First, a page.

On August 27, 2020, the Mississippi Supreme Court granted a new trial to Eddie Lee Howard, Jr. The court found that erroneous reliance on bite mark analysis, combined with new DNA testing and a lack of evidence connecting Mr. Howard to the murder, entitled him to a new trial. The use of bite mark analysis has been criticized in recent years due to the lack of scientific support or research on the reliability of the practice.
Mr. Howard, an African-American man, has twice been convicted and sentenced to death for the murder and rape of Georgia Kemp, an elderly white woman, in 1992. He has been incarcerated on death row for nearly thirty years. Both convictions heavily relied on now discredited bite mark evidence.
Mr. Howard represented himself at his first trial in 1994, in which the State relied primarily on bite mark evidence to connect him to the crime. The original autopsy did not show any bite marks on Ms. Kemp; however, in a subsequent examination, forensic odontologist Dr. Michael West allegedly discovered bite mark evidence. No one else observed these marks, and no photographs of the alleged bite marks have ever been presented. Mr. Howard was sentenced to death, but the Mississippi Supreme Court overturned the sentence due to problems with the trial court's handling of Mr. Howard’s pro se representation.
At the second trial, prosecutors again relied on Dr. West’s bite mark analysis. At this trial, Dr. West identified Mr. Howard’s dental impressions as an identical match to the bite mark. Dr. West’s conclusory testimony was, at the time, backed by guidelines produced by the American Board of Forensic Odontology (ABFO), of which Dr. West was a member. The ABFO is a national organization that establishes standards and practices for dentists practicing forensic odontology, which primarily involves bite mark analysis. As part of its mission, the ABFO produces guidelines that govern the practice of bite mark analysis and determine at what level of certainty a certified expert can testify about bite marks.
At the time of his testimony in May 2000, Dr. West’s statement was consistent with the ABFO guidelines. However, growing numbers of wrongful convictions based, at least in part, on bite mark evidence, prompted a review of forensic techniques. A 2009 report from the National Academies of Science found that the field of forensic odontology lacked scientific evidence for supporting the assumptions made in bite mark comparisons and identifying individuals “to the exclusion of all others” based on a bite mark. The ABFO then revised their guidelines in 2013 and 2016 to prohibit testimony conclusively identifying a person based on a bite mark.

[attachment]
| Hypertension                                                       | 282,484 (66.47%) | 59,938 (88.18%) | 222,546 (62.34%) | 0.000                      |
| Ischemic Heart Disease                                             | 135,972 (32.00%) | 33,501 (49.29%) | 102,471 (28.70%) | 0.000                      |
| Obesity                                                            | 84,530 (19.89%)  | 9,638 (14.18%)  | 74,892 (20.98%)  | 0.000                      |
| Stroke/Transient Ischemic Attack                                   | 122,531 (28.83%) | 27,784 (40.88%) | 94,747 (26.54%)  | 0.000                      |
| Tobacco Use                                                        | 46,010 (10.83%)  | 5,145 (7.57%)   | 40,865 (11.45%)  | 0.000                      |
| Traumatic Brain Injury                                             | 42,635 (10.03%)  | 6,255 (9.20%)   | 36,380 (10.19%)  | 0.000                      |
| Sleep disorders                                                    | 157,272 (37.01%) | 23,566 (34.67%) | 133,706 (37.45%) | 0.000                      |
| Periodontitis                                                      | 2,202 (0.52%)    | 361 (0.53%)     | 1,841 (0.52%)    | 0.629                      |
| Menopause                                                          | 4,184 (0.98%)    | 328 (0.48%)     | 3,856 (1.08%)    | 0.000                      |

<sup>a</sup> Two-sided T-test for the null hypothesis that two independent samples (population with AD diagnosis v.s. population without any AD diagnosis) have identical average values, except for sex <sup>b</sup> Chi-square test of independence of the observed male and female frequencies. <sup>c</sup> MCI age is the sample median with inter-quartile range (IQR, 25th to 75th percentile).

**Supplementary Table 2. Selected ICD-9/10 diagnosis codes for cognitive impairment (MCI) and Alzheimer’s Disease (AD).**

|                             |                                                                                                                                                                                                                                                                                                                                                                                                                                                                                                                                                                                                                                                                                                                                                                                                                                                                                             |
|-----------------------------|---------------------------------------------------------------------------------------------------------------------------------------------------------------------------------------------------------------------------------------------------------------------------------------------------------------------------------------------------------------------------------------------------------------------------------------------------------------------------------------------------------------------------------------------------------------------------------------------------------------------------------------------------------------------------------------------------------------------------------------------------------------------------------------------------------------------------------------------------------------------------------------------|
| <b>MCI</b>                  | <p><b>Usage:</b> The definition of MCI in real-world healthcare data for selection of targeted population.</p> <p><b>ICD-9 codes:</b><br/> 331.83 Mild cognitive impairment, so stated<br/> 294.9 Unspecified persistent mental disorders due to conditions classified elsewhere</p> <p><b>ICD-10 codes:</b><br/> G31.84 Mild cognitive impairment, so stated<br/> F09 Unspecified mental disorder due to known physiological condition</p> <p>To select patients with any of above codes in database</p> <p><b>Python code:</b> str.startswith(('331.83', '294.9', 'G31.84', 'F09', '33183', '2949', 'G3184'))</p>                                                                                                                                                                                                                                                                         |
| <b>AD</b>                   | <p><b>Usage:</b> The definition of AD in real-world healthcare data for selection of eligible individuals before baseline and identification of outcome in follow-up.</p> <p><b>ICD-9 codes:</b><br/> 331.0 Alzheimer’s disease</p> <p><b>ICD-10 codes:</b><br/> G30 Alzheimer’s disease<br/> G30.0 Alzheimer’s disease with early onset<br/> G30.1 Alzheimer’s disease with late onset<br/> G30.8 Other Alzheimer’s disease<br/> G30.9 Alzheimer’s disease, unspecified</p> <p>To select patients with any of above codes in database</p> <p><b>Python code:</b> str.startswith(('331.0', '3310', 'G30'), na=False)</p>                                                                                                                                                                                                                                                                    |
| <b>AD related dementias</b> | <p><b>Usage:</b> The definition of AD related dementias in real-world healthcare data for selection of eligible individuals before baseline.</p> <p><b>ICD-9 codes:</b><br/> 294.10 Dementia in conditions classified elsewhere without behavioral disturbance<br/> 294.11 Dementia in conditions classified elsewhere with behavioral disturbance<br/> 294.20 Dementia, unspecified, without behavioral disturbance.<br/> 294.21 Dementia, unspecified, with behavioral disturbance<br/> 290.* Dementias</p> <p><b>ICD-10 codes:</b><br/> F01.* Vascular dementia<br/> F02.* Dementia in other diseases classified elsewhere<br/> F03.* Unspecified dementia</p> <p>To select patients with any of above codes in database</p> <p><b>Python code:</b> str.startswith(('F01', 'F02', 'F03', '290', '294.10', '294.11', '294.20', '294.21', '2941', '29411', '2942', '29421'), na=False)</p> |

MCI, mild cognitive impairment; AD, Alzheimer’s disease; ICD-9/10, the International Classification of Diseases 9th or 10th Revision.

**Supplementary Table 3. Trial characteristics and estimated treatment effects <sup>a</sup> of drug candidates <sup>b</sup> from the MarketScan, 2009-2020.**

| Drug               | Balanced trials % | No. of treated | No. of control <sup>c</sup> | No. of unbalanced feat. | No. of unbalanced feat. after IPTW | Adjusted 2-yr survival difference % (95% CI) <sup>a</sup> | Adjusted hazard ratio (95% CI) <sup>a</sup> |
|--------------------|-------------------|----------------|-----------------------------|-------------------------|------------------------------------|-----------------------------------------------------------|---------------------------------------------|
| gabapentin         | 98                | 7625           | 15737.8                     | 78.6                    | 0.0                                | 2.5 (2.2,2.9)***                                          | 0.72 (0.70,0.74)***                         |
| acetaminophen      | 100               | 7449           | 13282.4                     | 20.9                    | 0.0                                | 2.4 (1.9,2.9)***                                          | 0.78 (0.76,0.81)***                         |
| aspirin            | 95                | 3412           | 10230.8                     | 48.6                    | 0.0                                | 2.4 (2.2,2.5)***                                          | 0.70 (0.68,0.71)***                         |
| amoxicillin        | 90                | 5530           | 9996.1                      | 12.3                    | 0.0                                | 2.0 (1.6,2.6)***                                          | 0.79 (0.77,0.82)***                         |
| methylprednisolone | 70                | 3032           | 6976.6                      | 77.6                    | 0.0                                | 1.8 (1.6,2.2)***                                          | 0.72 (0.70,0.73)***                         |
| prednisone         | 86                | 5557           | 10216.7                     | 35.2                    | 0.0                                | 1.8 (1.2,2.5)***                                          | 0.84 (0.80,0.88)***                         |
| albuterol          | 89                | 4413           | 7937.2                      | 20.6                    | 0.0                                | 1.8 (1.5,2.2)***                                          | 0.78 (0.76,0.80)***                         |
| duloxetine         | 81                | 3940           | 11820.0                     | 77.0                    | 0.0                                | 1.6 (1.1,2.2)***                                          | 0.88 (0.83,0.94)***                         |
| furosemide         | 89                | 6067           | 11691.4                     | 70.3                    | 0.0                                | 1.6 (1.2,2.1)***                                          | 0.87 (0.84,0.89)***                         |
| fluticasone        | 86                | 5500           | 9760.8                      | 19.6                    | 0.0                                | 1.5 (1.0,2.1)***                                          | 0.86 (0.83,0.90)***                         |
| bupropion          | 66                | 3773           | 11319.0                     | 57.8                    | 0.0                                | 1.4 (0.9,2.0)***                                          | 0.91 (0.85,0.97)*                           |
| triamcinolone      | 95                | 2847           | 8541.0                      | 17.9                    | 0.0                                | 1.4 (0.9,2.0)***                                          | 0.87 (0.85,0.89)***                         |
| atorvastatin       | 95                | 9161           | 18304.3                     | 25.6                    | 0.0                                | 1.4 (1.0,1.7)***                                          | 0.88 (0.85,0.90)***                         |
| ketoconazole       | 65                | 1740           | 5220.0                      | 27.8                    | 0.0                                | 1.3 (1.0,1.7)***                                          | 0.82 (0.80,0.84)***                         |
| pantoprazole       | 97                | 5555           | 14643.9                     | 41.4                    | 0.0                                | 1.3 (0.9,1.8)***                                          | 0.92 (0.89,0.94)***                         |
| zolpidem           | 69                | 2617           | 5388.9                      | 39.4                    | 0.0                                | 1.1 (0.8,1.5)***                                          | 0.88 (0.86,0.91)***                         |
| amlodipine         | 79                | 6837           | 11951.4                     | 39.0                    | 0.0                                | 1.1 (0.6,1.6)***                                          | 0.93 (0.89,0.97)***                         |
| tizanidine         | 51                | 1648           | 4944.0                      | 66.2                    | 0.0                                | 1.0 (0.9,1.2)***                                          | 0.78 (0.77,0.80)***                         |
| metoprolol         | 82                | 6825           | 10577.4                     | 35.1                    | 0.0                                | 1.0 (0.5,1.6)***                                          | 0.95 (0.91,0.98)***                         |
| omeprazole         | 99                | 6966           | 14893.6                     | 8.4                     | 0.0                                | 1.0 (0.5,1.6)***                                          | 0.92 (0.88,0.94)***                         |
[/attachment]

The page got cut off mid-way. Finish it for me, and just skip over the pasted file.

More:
In 2010, the Mississippi Supreme Court granted a request from Mr. Howard for post-conviction DNA testing. The testing results excluded Mr. Howard as the source of the DNA found on the murder weapon, which was the only crime-scene evidence containing male DNA. Back in the trial court, Mr. Howard then filed a motion to vacate his conviction, citing both the DNA results and the advancements in understanding of bite-mark evidence. The Lowndes County Circuit Court denied the motion, stating that Mr. Howard had not presented any new evidence that would impact the result of a trial, as the lack of evidence linking Mr. Howard to the crime had been raised in the second trial. The court also noted that criticisms of Dr. West’s method had been raised earlier in the case and did not constitute new evidence. Mr. Howard appealed the denial to the Mississippi Supreme Court.
To receive a new trial based on newly discovered evidence in Mississippi, a petitioner must show that there is a probability the new evidence would produce a different trial outcome. The bite mark evidence was critical to Mr. Howard’s second conviction, and using the revised ABFO guidelines, the Mississippi Supreme Court determined that this evidence would not be admitted in the same manner at a trial today as it was in 2000. The court found that in light of the decreased weight of the bite mark testimony, the lack of eyewitness evidence, and the newly discovered evidence of a different man's DNA on the murder weapon, a jury would probably not find Mr. Howard guilty at a new trial. The 16th District Court District Attorney’s office has not yet determined if it will dismiss the charges or pursue a new trial against Mr. Howard.
Mr. Howard is the 34th person in the country to have a sentenced overturned due to the use of bite-mark evidence.